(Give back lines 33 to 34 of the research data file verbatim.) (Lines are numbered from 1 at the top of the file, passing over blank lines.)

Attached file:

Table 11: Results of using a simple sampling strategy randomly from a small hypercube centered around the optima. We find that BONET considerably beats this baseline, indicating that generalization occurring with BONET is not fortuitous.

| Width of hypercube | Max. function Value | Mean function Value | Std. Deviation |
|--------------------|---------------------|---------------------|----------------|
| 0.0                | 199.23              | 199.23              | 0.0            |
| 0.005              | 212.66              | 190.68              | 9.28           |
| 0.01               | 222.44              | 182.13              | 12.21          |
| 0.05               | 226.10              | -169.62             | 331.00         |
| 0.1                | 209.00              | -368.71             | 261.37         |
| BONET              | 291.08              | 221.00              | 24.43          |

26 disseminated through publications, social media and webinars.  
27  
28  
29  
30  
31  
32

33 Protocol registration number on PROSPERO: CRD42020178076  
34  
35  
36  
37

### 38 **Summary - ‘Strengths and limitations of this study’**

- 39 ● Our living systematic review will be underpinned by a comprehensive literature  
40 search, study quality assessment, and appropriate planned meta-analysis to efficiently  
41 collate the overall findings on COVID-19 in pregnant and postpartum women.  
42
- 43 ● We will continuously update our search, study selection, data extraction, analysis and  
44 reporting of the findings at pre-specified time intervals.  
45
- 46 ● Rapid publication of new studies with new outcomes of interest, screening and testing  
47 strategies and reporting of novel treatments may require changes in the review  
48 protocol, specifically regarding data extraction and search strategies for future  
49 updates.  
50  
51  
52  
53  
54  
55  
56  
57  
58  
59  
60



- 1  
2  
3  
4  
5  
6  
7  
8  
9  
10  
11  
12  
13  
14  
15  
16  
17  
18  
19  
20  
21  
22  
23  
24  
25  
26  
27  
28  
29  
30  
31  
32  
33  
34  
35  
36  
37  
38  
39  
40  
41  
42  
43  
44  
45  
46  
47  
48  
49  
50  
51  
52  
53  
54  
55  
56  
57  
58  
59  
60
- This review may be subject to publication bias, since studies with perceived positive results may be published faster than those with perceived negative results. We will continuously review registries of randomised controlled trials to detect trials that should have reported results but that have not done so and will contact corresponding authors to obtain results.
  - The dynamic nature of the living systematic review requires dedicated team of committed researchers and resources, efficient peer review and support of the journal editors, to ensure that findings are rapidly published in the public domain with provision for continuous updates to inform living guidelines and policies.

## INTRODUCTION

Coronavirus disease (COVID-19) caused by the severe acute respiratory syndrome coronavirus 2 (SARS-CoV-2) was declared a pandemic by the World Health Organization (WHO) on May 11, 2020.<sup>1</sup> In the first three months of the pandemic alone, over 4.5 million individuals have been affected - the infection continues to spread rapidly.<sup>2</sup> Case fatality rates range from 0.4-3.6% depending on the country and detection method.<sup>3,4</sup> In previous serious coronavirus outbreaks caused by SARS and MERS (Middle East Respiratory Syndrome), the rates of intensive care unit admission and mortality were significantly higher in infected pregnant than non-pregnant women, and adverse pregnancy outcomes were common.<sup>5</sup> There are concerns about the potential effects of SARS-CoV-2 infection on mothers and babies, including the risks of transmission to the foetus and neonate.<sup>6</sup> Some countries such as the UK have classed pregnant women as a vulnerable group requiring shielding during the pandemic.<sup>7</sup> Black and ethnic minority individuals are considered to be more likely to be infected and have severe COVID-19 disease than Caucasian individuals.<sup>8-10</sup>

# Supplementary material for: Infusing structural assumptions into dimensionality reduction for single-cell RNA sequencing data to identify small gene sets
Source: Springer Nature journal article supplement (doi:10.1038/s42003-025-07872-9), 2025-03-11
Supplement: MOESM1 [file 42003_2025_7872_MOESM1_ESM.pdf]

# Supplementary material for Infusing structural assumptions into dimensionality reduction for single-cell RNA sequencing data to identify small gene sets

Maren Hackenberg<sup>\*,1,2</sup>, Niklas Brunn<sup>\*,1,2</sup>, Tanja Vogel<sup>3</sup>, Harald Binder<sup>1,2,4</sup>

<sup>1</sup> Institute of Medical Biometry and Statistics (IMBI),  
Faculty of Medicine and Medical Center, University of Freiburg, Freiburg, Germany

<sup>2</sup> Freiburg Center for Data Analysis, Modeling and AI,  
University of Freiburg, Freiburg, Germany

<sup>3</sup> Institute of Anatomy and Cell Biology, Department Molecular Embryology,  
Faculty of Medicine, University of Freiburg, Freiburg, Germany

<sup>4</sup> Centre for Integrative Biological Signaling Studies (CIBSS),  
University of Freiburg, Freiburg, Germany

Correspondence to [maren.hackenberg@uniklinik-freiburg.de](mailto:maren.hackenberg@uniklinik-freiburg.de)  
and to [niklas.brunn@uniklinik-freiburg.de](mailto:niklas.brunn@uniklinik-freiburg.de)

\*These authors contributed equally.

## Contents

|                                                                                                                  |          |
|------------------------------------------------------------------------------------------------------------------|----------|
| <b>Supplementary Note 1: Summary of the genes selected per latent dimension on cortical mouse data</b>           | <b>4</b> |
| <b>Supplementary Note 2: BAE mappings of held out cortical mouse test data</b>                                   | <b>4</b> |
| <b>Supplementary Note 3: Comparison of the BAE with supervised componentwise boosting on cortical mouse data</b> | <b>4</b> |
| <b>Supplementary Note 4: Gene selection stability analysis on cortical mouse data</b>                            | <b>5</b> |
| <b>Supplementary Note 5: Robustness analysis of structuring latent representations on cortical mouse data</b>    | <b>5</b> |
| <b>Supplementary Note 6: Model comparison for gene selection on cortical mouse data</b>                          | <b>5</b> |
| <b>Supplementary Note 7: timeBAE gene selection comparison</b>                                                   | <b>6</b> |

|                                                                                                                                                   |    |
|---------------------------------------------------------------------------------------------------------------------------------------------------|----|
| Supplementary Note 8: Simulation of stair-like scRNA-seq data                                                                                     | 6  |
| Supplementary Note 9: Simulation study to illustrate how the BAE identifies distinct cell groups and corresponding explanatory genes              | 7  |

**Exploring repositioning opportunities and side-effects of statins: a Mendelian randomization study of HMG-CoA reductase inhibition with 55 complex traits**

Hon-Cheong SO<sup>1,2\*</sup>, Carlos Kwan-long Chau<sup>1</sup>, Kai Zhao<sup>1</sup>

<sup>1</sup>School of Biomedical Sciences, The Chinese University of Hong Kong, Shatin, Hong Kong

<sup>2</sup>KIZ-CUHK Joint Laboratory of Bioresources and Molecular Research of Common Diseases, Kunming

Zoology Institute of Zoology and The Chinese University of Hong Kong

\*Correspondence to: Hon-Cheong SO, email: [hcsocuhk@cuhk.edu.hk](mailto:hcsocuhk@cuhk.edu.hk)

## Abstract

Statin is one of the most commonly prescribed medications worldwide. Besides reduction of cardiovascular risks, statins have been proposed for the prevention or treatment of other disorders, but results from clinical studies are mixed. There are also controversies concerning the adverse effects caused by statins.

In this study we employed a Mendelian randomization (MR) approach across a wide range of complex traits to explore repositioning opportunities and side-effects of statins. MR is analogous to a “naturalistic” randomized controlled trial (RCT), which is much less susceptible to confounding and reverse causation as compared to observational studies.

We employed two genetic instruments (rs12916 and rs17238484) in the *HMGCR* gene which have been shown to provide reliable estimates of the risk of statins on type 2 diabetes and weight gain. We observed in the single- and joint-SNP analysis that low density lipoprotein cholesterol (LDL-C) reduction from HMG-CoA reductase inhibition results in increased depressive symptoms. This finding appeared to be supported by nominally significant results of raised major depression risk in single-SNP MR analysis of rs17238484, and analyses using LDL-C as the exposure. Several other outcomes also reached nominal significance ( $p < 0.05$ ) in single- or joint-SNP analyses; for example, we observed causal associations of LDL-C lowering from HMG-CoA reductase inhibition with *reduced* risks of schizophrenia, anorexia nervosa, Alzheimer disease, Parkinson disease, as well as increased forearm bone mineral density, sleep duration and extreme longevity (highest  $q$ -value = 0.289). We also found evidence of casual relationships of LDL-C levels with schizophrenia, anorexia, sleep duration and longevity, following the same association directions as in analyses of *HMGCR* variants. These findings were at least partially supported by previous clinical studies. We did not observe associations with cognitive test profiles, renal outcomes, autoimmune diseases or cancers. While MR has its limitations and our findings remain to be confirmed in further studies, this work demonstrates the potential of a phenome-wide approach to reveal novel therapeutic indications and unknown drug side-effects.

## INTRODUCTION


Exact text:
49 updates.  
50  